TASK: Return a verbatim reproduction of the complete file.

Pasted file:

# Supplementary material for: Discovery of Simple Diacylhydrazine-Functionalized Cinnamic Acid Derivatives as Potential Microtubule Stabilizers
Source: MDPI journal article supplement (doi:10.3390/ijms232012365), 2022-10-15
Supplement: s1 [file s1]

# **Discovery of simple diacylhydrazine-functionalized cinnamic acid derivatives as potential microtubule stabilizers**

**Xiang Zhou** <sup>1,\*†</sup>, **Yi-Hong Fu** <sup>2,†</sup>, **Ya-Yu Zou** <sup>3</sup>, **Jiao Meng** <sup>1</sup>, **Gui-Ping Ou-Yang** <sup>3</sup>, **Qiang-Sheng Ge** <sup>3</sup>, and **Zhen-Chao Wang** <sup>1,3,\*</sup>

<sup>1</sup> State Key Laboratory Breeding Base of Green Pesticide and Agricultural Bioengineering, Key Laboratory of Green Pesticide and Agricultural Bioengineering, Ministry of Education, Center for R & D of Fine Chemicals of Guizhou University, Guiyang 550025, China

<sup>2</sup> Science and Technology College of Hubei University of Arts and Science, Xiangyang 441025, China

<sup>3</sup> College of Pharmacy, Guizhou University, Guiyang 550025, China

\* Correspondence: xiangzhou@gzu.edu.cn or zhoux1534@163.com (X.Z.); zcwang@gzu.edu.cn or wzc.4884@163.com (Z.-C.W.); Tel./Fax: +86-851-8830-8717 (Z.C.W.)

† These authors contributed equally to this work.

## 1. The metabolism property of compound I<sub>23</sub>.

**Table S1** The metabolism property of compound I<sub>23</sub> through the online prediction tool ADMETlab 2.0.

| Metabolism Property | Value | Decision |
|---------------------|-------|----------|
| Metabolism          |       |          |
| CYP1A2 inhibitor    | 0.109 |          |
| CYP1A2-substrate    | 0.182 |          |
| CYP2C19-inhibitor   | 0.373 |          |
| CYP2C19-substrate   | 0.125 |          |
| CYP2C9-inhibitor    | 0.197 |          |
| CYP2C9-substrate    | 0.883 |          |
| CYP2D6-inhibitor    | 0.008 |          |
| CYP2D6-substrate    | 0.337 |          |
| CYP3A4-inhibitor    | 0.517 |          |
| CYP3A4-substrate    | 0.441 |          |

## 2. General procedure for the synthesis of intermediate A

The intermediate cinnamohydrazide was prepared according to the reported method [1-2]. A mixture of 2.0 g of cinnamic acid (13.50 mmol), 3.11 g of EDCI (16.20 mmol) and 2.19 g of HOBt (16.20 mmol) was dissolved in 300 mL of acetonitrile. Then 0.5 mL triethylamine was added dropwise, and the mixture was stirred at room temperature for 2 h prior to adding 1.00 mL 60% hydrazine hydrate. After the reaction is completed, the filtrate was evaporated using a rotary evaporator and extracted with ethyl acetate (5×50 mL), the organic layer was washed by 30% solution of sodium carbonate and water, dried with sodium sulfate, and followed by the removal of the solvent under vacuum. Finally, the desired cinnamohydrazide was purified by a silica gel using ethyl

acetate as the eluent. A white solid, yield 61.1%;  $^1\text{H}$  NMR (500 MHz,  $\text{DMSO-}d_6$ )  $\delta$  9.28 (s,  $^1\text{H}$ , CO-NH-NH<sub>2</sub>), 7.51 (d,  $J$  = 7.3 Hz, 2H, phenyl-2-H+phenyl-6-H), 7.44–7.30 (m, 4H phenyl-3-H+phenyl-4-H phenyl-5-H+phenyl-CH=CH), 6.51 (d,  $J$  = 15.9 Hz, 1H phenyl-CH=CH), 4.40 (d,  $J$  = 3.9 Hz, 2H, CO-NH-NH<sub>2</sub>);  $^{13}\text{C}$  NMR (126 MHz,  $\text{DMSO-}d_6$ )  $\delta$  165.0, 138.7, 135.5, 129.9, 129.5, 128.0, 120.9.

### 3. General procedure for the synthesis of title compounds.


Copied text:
# Supplementary material for: Discovery of Simple Diacylhydrazine-Functionalized Cinnamic Acid Derivatives as Potential Microtubule Stabilizers
Source: MDPI journal article supplement (doi:10.3390/ijms232012365), 2022-10-15
Supplement: s1 [file s1]

# **Discovery of simple diacylhydrazine-functionalized cinnamic acid derivatives as potential microtubule stabilizers**

**Xiang Zhou** <sup>1,\*†</sup>, **Yi-Hong Fu** <sup>2,†</sup>, **Ya-Yu Zou** <sup>3</sup>, **Jiao Meng** <sup>1</sup>, **Gui-Ping Ou-Yang** <sup>3</sup>, **Qiang-Sheng Ge** <sup>3</sup>, and **Zhen-Chao Wang** <sup>1,3,\*</sup>

<sup>1</sup> State Key Laboratory Breeding Base of Green Pesticide and Agricultural Bioengineering, Key Laboratory of Green Pesticide and Agricultural Bioengineering, Ministry of Education, Center for R & D of Fine Chemicals of Guizhou University, Guiyang 550025, China

<sup>2</sup> Science and Technology College of Hubei University of Arts and Science, Xiangyang 441025, China

<sup>3</sup> College of Pharmacy, Guizhou University, Guiyang 550025, China

\* Correspondence: xiangzhou@gzu.edu.cn or zhoux1534@163.com (X.Z.); zcwang@gzu.edu.cn or wzc.4884@163.com (Z.-C.W.); Tel./Fax: +86-851-8830-8717 (Z.C.W.)

† These authors contributed equally to this work.

## 1. The metabolism property of compound I<sub>23</sub>.

**Table S1** The metabolism property of compound I<sub>23</sub> through the online prediction tool ADMETlab 2.0.

| Metabolism Property | Value | Decision |
|---------------------|-------|----------|
| Metabolism          |       |          |
| CYP1A2 inhibitor    | 0.109 |          |
| CYP1A2-substrate    | 0.182 |          |
| CYP2C19-inhibitor   | 0.373 |          |
| CYP2C19-substrate   | 0.125 |          |
| CYP2C9-inhibitor    | 0.197 |          |
| CYP2C9-substrate    | 0.883 |          |
| CYP2D6-inhibitor    | 0.008 |          |
| CYP2D6-substrate    | 0.337 |          |
| CYP3A4-inhibitor    | 0.517 |          |
| CYP3A4-substrate    | 0.441 |          |

## 2. General procedure for the synthesis of intermediate A

The intermediate cinnamohydrazide was prepared according to the reported method [1-2]. A mixture of 2.0 g of cinnamic acid (13.50 mmol), 3.11 g of EDCI (16.20 mmol) and 2.19 g of HOBt (16.20 mmol) was dissolved in 300 mL of acetonitrile. Then 0.5 mL triethylamine was added dropwise, and the mixture was stirred at room temperature for 2 h prior to adding 1.00 mL 60% hydrazine hydrate. After the reaction is completed, the filtrate was evaporated using a rotary evaporator and extracted with ethyl acetate (5×50 mL), the organic layer was washed by 30% solution of sodium carbonate and water, dried with sodium sulfate, and followed by the removal of the solvent under vacuum. Finally, the desired cinnamohydrazide was purified by a silica gel using ethyl

acetate as the eluent. A white solid, yield 61.1%;  $^1\text{H}$  NMR (500 MHz,  $\text{DMSO-}d_6$ )  $\delta$  9.28 (s,  $^1\text{H}$ , CO-NH-NH<sub>2</sub>), 7.51 (d,  $J$  = 7.3 Hz, 2H, phenyl-2-H+phenyl-6-H), 7.44–7.30 (m, 4H phenyl-3-H+phenyl-4-H phenyl-5-H+phenyl-CH=CH), 6.51 (d,  $J$  = 15.9 Hz, 1H phenyl-CH=CH), 4.40 (d,  $J$  = 3.9 Hz, 2H, CO-NH-NH<sub>2</sub>);  $^{13}\text{C}$  NMR (126 MHz,  $\text{DMSO-}d_6$ )  $\delta$  165.0, 138.7, 135.5, 129.9, 129.5, 128.0, 120.9.

### 3. General procedure for the synthesis of title compounds.